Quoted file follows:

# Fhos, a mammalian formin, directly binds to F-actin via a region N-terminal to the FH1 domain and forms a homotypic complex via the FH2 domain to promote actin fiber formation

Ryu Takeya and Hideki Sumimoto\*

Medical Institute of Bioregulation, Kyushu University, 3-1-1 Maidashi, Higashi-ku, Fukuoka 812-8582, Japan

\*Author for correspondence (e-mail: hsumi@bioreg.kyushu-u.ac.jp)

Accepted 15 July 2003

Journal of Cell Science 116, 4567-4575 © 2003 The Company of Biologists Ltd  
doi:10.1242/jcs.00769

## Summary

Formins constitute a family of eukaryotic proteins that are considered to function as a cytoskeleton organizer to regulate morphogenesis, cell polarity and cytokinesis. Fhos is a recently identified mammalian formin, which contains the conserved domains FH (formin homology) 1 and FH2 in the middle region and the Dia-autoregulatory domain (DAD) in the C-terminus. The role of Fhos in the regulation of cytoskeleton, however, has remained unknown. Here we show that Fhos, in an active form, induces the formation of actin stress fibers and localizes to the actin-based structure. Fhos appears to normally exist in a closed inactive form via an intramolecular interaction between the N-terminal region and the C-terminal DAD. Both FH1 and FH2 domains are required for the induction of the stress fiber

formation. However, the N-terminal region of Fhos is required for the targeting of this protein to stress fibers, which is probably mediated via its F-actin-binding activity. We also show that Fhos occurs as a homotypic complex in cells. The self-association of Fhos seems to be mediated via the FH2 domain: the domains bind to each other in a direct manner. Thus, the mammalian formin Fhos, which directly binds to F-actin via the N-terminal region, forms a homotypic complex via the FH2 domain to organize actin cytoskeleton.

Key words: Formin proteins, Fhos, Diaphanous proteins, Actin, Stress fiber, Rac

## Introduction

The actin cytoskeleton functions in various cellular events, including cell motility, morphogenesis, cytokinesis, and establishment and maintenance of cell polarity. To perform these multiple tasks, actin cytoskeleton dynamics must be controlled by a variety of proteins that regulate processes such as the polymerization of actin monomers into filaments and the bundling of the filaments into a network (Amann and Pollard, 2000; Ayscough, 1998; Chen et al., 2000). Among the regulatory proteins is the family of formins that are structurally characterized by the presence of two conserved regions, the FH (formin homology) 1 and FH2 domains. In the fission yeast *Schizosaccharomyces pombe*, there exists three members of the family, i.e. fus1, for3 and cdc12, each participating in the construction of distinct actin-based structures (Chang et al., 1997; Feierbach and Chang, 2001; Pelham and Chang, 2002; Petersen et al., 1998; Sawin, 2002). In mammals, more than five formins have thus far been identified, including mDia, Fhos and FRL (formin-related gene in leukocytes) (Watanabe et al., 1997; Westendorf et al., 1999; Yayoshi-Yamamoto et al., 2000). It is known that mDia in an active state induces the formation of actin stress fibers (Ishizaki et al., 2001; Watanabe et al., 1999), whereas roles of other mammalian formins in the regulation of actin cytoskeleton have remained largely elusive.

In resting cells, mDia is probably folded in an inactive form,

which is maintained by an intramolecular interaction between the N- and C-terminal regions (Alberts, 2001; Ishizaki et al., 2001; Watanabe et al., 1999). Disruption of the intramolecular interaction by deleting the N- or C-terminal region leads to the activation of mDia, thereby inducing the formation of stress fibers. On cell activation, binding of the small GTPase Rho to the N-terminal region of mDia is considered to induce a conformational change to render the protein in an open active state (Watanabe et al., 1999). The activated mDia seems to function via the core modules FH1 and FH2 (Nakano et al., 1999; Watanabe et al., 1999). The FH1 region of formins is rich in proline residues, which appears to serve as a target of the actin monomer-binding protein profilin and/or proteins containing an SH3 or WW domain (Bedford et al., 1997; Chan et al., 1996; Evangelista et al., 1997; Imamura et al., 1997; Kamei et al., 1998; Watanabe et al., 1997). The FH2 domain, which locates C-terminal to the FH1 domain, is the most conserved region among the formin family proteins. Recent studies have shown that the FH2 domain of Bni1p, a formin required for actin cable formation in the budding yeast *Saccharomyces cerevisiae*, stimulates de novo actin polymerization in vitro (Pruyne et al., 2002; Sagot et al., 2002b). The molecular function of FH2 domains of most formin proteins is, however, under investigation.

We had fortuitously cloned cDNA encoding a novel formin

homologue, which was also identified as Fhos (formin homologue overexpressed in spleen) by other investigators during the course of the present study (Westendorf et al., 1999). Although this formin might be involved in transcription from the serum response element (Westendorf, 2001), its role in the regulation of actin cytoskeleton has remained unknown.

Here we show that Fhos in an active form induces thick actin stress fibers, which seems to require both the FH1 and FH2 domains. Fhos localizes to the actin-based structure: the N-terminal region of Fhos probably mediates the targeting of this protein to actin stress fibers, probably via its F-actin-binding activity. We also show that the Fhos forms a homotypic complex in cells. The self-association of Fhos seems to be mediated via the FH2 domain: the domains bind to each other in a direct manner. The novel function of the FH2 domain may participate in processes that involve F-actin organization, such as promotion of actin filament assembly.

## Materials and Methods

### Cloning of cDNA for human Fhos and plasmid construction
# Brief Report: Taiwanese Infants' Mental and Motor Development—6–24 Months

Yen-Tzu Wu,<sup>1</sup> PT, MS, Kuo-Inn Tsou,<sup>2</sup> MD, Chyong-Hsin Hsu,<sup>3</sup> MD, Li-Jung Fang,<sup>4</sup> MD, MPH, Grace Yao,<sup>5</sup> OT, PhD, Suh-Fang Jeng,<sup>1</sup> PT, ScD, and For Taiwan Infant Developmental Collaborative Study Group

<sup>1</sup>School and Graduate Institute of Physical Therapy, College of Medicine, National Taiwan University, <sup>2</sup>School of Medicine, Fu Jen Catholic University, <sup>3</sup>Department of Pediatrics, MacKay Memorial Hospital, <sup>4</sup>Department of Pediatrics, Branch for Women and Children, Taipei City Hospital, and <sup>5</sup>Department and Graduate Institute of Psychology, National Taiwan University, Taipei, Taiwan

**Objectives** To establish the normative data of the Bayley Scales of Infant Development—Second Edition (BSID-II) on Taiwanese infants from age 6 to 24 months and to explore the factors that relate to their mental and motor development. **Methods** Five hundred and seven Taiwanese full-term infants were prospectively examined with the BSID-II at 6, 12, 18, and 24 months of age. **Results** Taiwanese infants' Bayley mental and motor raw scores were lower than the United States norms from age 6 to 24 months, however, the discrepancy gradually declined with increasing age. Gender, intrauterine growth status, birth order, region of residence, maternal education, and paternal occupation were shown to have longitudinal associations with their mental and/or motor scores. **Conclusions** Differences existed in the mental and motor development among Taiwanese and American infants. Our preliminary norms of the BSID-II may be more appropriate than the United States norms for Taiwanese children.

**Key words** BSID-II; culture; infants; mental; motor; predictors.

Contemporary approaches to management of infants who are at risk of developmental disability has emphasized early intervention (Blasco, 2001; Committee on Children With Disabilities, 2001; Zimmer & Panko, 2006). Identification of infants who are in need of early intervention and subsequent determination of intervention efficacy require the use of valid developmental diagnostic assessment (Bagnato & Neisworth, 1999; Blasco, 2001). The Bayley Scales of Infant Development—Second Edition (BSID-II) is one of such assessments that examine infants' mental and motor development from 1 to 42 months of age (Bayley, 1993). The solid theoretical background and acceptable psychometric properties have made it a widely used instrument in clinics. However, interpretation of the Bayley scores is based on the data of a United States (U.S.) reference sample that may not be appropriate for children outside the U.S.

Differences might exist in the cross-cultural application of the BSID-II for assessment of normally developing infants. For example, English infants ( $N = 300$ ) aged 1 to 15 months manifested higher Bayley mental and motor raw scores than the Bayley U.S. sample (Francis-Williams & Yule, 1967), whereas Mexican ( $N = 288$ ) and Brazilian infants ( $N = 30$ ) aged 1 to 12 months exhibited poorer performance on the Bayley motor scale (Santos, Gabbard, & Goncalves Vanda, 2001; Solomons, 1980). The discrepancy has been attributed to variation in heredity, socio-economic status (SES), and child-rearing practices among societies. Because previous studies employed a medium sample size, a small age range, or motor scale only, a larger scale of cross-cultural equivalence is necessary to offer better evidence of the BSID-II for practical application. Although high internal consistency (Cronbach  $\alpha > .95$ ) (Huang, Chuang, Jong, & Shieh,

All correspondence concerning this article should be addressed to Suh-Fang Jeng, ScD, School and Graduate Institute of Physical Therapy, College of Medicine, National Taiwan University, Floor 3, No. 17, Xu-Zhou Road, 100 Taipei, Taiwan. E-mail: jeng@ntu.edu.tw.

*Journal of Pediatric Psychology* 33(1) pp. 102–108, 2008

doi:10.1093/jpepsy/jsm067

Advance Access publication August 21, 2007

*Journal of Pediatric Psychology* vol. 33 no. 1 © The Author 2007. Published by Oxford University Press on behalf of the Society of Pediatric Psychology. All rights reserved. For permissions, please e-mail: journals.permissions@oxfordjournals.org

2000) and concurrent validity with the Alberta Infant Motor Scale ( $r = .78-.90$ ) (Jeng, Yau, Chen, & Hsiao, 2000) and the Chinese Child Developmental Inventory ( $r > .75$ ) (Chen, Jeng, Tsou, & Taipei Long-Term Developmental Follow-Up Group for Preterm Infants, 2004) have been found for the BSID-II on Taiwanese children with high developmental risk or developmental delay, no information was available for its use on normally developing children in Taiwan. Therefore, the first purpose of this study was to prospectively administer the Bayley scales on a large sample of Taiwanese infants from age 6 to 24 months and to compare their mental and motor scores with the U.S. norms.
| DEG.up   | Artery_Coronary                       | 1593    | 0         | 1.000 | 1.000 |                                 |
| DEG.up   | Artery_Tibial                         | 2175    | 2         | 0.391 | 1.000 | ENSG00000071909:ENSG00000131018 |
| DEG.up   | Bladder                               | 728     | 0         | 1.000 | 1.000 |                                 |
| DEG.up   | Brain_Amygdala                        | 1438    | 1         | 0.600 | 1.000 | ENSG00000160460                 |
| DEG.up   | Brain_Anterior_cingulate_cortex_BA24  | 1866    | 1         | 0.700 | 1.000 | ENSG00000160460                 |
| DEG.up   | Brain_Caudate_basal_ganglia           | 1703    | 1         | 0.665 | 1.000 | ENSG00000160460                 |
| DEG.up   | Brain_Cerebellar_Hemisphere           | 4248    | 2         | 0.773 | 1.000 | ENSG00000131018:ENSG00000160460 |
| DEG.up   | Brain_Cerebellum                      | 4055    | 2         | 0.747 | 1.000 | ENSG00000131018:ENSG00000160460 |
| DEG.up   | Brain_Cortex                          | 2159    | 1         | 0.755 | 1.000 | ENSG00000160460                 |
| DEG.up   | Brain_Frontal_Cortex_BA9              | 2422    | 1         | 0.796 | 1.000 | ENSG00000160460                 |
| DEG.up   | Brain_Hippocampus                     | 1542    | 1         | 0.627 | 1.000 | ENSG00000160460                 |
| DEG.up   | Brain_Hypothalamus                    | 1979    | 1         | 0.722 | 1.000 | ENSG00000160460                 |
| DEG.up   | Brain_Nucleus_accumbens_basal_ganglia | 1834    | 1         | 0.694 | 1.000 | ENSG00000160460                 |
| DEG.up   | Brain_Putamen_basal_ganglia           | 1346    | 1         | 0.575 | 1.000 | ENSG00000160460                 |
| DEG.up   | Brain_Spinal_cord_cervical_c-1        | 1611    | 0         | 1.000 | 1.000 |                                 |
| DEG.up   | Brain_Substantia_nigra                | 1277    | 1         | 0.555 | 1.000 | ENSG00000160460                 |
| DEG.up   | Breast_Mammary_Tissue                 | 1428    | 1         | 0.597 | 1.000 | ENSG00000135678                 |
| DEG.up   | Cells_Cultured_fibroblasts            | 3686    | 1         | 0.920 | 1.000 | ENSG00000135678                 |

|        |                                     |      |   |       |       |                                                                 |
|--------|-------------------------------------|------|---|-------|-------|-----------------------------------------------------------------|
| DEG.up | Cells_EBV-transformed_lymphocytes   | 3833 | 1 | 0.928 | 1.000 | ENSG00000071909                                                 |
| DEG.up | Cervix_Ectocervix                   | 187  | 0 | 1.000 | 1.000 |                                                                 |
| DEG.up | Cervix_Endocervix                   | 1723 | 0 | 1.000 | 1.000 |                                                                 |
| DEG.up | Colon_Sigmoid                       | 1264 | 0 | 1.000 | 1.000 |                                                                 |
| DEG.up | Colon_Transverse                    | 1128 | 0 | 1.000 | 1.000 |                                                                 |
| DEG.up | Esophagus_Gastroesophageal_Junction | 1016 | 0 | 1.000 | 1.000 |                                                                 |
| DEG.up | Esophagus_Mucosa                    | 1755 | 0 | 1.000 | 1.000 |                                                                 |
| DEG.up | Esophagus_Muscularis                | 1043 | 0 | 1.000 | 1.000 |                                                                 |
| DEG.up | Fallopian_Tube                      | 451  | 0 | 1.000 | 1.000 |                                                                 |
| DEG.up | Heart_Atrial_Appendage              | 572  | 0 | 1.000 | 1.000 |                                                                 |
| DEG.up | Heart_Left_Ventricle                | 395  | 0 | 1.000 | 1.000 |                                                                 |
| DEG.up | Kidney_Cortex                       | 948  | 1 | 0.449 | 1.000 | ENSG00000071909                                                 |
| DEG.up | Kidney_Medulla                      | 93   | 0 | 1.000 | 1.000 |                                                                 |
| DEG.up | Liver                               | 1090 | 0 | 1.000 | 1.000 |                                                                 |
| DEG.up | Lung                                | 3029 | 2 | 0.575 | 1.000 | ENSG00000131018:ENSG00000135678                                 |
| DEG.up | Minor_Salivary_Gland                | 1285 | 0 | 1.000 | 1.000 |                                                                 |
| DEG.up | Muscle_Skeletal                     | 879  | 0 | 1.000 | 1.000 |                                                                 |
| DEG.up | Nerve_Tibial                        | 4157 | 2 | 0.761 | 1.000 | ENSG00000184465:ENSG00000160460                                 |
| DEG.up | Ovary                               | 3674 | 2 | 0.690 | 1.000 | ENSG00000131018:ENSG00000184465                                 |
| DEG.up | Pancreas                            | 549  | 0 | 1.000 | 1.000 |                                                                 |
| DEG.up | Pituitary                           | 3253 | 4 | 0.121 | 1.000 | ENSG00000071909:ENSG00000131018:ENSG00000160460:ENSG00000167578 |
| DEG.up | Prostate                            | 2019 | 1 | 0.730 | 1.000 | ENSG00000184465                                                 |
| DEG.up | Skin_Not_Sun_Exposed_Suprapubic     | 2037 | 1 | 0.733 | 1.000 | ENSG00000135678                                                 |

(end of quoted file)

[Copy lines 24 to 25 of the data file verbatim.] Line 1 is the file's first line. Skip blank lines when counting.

**Objectives** To establish the normative data of the Bayley Scales of Infant Development—Second Edition (BSID-II) on Taiwanese infants from age 6 to 24 months and to explore the factors that relate to their mental and motor development. **Methods** Five hundred and seven Taiwanese full-term infants were prospectively examined with the BSID-II at 6, 12, 18, and 24 months of age. **Results** Taiwanese infants' Bayley mental and motor raw scores were lower than the United States norms from age 6 to 24 months, however, the discrepancy gradually declined with increasing age. Gender, intrauterine growth status, birth order, region of residence, maternal education, and paternal occupation were shown to have longitudinal associations with their mental and/or motor scores. **Conclusions** Differences existed in the mental and motor development among Taiwanese and American infants. Our preliminary norms of the BSID-II may be more appropriate than the United States norms for Taiwanese children.

**Key words** BSID-II; culture; infants; mental; motor; predictors.